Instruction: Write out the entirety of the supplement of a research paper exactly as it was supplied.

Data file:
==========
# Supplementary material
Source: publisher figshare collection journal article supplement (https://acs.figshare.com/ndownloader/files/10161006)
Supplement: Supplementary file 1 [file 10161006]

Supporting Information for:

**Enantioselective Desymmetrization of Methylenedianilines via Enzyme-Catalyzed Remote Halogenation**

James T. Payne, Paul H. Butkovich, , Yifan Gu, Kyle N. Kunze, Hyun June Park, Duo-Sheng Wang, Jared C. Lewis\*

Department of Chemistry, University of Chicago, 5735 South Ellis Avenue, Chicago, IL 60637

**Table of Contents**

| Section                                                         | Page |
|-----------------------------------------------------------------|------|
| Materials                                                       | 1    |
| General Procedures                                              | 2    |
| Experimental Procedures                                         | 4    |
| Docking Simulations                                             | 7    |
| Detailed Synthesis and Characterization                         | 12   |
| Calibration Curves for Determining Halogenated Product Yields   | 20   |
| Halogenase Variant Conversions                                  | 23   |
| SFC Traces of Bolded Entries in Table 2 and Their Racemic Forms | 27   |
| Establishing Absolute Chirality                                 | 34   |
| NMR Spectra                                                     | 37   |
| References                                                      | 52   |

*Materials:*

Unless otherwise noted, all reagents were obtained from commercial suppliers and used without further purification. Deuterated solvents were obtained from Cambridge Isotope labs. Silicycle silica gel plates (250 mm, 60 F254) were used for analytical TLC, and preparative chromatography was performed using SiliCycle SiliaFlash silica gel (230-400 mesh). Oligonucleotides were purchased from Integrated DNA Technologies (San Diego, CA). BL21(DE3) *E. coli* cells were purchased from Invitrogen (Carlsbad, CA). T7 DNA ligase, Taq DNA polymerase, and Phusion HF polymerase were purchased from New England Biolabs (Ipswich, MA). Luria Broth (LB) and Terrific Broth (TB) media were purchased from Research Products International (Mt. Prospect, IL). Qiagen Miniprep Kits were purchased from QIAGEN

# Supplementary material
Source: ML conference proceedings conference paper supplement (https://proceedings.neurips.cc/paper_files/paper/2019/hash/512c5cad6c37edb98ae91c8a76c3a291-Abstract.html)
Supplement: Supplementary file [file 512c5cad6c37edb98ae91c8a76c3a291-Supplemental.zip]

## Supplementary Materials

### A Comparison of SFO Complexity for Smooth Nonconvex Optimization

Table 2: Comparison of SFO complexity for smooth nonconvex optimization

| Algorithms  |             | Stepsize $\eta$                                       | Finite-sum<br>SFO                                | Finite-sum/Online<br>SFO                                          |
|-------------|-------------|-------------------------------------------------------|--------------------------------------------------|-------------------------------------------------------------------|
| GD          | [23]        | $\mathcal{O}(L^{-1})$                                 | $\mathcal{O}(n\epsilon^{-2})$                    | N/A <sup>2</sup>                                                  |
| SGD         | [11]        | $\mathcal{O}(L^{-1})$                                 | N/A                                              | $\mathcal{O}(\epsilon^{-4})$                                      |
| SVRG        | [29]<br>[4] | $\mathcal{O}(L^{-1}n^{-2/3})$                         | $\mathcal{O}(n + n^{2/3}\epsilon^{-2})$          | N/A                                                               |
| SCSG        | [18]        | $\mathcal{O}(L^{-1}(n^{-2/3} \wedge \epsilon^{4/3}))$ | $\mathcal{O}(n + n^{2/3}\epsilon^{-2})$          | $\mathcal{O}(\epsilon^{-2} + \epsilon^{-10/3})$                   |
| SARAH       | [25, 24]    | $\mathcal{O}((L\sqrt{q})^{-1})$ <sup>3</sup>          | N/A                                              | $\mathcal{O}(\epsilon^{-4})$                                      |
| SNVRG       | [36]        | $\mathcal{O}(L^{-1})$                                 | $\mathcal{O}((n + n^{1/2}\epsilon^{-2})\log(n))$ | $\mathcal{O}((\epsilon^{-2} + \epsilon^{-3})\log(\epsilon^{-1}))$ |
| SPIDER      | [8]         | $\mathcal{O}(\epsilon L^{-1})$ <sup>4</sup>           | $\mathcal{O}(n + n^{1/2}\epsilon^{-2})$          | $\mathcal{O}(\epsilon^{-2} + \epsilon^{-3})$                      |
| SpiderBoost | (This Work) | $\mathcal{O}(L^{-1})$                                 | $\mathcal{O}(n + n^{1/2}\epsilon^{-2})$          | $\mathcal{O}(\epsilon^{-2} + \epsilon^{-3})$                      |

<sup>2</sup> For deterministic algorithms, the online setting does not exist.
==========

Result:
# Supplementary material
Source: publisher figshare collection journal article supplement (https://acs.figshare.com/ndownloader/files/10161006)
Supplement: Supplementary file 1 [file 10161006]

Supporting Information for:

**Enantioselective Desymmetrization of Methylenedianilines via Enzyme-Catalyzed Remote Halogenation**

James T. Payne, Paul H. Butkovich, , Yifan Gu, Kyle N. Kunze, Hyun June Park, Duo-Sheng Wang, Jared C. Lewis\*

Department of Chemistry, University of Chicago, 5735 South Ellis Avenue, Chicago, IL 60637

**Table of Contents**

| Section                                                         | Page |
|-----------------------------------------------------------------|------|
| Materials                                                       | 1    |
| General Procedures                                              | 2    |
| Experimental Procedures                                         | 4    |
| Docking Simulations                                             | 7    |
| Detailed Synthesis and Characterization                         | 12   |
| Calibration Curves for Determining Halogenated Product Yields   | 20   |
| Halogenase Variant Conversions                                  | 23   |
| SFC Traces of Bolded Entries in Table 2 and Their Racemic Forms | 27   |
| Establishing Absolute Chirality                                 | 34   |
| NMR Spectra                                                     | 37   |
| References                                                      | 52   |

*Materials:*

Unless otherwise noted, all reagents were obtained from commercial suppliers and used without further purification. Deuterated solvents were obtained from Cambridge Isotope labs. Silicycle silica gel plates (250 mm, 60 F254) were used for analytical TLC, and preparative chromatography was performed using SiliCycle SiliaFlash silica gel (230-400 mesh). Oligonucleotides were purchased from Integrated DNA Technologies (San Diego, CA). BL21(DE3) *E. coli* cells were purchased from Invitrogen (Carlsbad, CA). T7 DNA ligase, Taq DNA polymerase, and Phusion HF polymerase were purchased from New England Biolabs (Ipswich, MA). Luria Broth (LB) and Terrific Broth (TB) media were purchased from Research Products International (Mt. Prospect, IL). Qiagen Miniprep Kits were purchased from QIAGEN

# Supplementary material
Source: ML conference proceedings conference paper supplement (https://proceedings.neurips.cc/paper_files/paper/2019/hash/512c5cad6c37edb98ae91c8a76c3a291-Abstract.html)
Supplement: Supplementary file [file 512c5cad6c37edb98ae91c8a76c3a291-Supplemental.zip]

## Supplementary Materials

### A Comparison of SFO Complexity for Smooth Nonconvex Optimization

Table 2: Comparison of SFO complexity for smooth nonconvex optimization

| Algorithms  |             | Stepsize $\eta$                                       | Finite-sum<br>SFO                                | Finite-sum/Online<br>SFO                                          |
|-------------|-------------|-------------------------------------------------------|--------------------------------------------------|-------------------------------------------------------------------|
| GD          | [23]        | $\mathcal{O}(L^{-1})$                                 | $\mathcal{O}(n\epsilon^{-2})$                    | N/A <sup>2</sup>                                                  |
| SGD         | [11]        | $\mathcal{O}(L^{-1})$                                 | N/A                                              | $\mathcal{O}(\epsilon^{-4})$                                      |
| SVRG        | [29]<br>[4] | $\mathcal{O}(L^{-1}n^{-2/3})$                         | $\mathcal{O}(n + n^{2/3}\epsilon^{-2})$          | N/A                                                               |
| SCSG        | [18]        | $\mathcal{O}(L^{-1}(n^{-2/3} \wedge \epsilon^{4/3}))$ | $\mathcal{O}(n + n^{2/3}\epsilon^{-2})$          | $\mathcal{O}(\epsilon^{-2} + \epsilon^{-10/3})$                   |
| SARAH       | [25, 24]    | $\mathcal{O}((L\sqrt{q})^{-1})$ <sup>3</sup>          | N/A                                              | $\mathcal{O}(\epsilon^{-4})$                                      |
| SNVRG       | [36]        | $\mathcal{O}(L^{-1})$                                 | $\mathcal{O}((n + n^{1/2}\epsilon^{-2})\log(n))$ | $\mathcal{O}((\epsilon^{-2} + \epsilon^{-3})\log(\epsilon^{-1}))$ |
| SPIDER      | [8]         | $\mathcal{O}(\epsilon L^{-1})$ <sup>4</sup>           | $\mathcal{O}(n + n^{1/2}\epsilon^{-2})$          | $\mathcal{O}(\epsilon^{-2} + \epsilon^{-3})$                      |
| SpiderBoost | (This Work) | $\mathcal{O}(L^{-1})$                                 | $\mathcal{O}(n + n^{1/2}\epsilon^{-2})$          | $\mathcal{O}(\epsilon^{-2} + \epsilon^{-3})$                      |

<sup>2</sup> For deterministic algorithms, the online setting does not exist.